President Trump's re-election campaign and the Republican National Committee are asking to intervene in a lawsuit challenging New Hampshire’s COVID-19 voting procedures. If their request is approved, they would join a team of state attorneys trying to stave off changes to New Hampshire’s absentee registration and voting rules ahead of the November general election.
The American Federation of Teachers brought the lawsuit in an effort to force New Hampshire to extend its deadline for accepting absentee ballots by mail, to cover absentee ballot postage costs, to allow wider use of absentee ballot dropboxes and to permit third-party groups to return absentee ballots on voters’ behalf. Perkins Coie, the Democratic Party-affiliated law firm backing this effort, is behind more than a dozen similar cases across the country.
They say these and other changes are necessary to ensure as many people as possible can safely participate in the upcoming elections.
“As New Hampshire citizens transition to absentee voting and registration to protect their health, nearly all will be navigating this system of registration and voting for the first time,” their complaint reads. “As a result, they are at significantly higher risk of being disenfranchised by unduly burdensome laws that regulate the absentee registration and voting processes.”
State officials say they’ve been working for months to prepare new election procedures due to COVID-19 and changing the rules at this point would only create more problems.
“What the plaintiffs want in this case is judicial rewriting of most or a substantial portion of our absentee ballot laws,” Assistant Attorney General Anthony Galdieri told a judge during a virtual hearing Tuesday afternoon. “And the state has exceptional concerns that that’s going to create voter confusion, it’s going to create election official confusion and it has the potential to result in the disenfranchisement of voters.”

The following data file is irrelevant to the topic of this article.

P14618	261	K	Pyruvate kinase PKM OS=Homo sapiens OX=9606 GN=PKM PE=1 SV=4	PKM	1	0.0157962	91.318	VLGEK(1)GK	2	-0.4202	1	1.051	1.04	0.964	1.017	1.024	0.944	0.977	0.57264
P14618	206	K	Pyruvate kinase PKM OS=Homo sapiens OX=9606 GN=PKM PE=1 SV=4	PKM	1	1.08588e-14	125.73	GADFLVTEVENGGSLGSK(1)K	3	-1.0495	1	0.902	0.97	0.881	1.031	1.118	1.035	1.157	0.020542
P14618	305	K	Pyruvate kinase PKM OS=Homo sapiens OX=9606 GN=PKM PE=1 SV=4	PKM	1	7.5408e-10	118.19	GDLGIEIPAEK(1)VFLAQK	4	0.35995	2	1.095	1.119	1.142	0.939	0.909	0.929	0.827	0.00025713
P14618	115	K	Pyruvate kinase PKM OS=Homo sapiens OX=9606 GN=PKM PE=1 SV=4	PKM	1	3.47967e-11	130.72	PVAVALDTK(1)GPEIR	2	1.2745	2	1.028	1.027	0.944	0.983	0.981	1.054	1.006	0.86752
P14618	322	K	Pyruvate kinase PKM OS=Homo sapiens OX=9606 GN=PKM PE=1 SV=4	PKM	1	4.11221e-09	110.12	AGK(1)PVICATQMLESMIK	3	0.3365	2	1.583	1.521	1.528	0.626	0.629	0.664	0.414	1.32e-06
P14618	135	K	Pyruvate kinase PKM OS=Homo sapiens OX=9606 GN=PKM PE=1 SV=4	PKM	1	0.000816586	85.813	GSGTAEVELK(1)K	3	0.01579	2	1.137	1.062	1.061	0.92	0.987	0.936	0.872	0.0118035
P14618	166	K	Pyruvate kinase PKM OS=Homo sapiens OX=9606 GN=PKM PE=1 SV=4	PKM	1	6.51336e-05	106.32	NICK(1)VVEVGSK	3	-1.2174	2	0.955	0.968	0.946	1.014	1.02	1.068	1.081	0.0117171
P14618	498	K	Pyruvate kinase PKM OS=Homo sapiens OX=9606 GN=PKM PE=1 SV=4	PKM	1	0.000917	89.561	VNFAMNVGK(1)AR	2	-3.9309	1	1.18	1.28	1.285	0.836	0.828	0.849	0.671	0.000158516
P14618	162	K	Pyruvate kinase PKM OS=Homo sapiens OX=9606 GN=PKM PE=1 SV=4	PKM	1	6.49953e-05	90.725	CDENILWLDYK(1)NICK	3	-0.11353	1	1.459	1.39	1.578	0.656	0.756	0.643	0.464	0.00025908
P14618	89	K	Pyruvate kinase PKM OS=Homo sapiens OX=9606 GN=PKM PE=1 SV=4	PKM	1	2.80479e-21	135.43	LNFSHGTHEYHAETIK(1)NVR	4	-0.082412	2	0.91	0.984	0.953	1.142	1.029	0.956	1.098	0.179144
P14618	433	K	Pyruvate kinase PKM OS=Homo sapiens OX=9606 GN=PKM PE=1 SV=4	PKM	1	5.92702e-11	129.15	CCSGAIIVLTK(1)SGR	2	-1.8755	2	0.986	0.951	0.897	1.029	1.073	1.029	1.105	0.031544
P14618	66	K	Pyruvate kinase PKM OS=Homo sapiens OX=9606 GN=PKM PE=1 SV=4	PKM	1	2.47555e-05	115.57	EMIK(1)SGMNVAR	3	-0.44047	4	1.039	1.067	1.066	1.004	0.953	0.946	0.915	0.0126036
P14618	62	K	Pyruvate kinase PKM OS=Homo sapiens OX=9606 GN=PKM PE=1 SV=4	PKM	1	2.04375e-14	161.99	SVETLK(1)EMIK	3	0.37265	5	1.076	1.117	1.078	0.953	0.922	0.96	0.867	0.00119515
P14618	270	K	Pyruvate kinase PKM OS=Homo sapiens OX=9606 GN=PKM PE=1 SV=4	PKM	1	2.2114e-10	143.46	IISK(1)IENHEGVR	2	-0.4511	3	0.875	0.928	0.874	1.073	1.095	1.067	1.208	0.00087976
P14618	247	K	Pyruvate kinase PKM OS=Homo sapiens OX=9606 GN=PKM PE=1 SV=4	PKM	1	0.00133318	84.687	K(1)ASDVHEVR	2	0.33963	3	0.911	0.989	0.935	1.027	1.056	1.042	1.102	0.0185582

At the same hearing, a lawyer for the Trump campaign and the Republican National Committee argued that they should be allowed to join the state in opposition to the teacher union’s proposed voting changes.
"Not unlike the plaintiffs here, they spend a lot of time educating and dedicating resources to making sure that their candidates and their voters understand what the laws are, comply with the laws,” said attorney Patrick Strawbridge, with the law firm Consovoy McCarthy. “They obviously have a direct interest in making sure that the election of both their members and on behalf of their constituents proceed according to the law and fairly and with integrity.”
State Superior Court Judge Will Delker, who is overseeing the case, said he would decide “as promptly as possible” whether to allow the Trump campaign and the Republican National Committee to join the case. It's unlikely that the lawsuit will affect any procedures for the September state primary, but it's unclear whether it will affect the November general election.
Some of the changes proposed in the lawsuit were discussed several months ago by a panel advising the New Hampshire Secretary of State’s office on COVID-19 voting policies.
The state adopted some of the recommendations from that committee — allowing voters to return absentee ballots in “dropboxes” supervised by trained election officials, for example — but did not heed its advice on prepaying postage for absentee ballots.
At present, New Hampshire voters who choose to mail back their absentee ballots are responsible for paying their own postage. The state doesn’t provide clear guidance to voters on how much is required to mail back an absentee ballot, but Deputy Secretary of State Dave Scanlan told NHPR via email “the return postage for the marked ballot in the affidavit envelope is one first class or ‘forever’ stamp.” If a voter includes additional paperwork in that envelope, Scanlan said it could cost more.
Also, under New Hampshire’s current voting rules, absentee ballots sent by mail must arrive by 5 p.m. on Election Day in order to be counted. Some other states allow ballots to be counted if they arrive later, as long as they’re postmarked by Election Day.
More information on voting in New Hampshire during COVID-19 can be found in NHPR’s elections guide.
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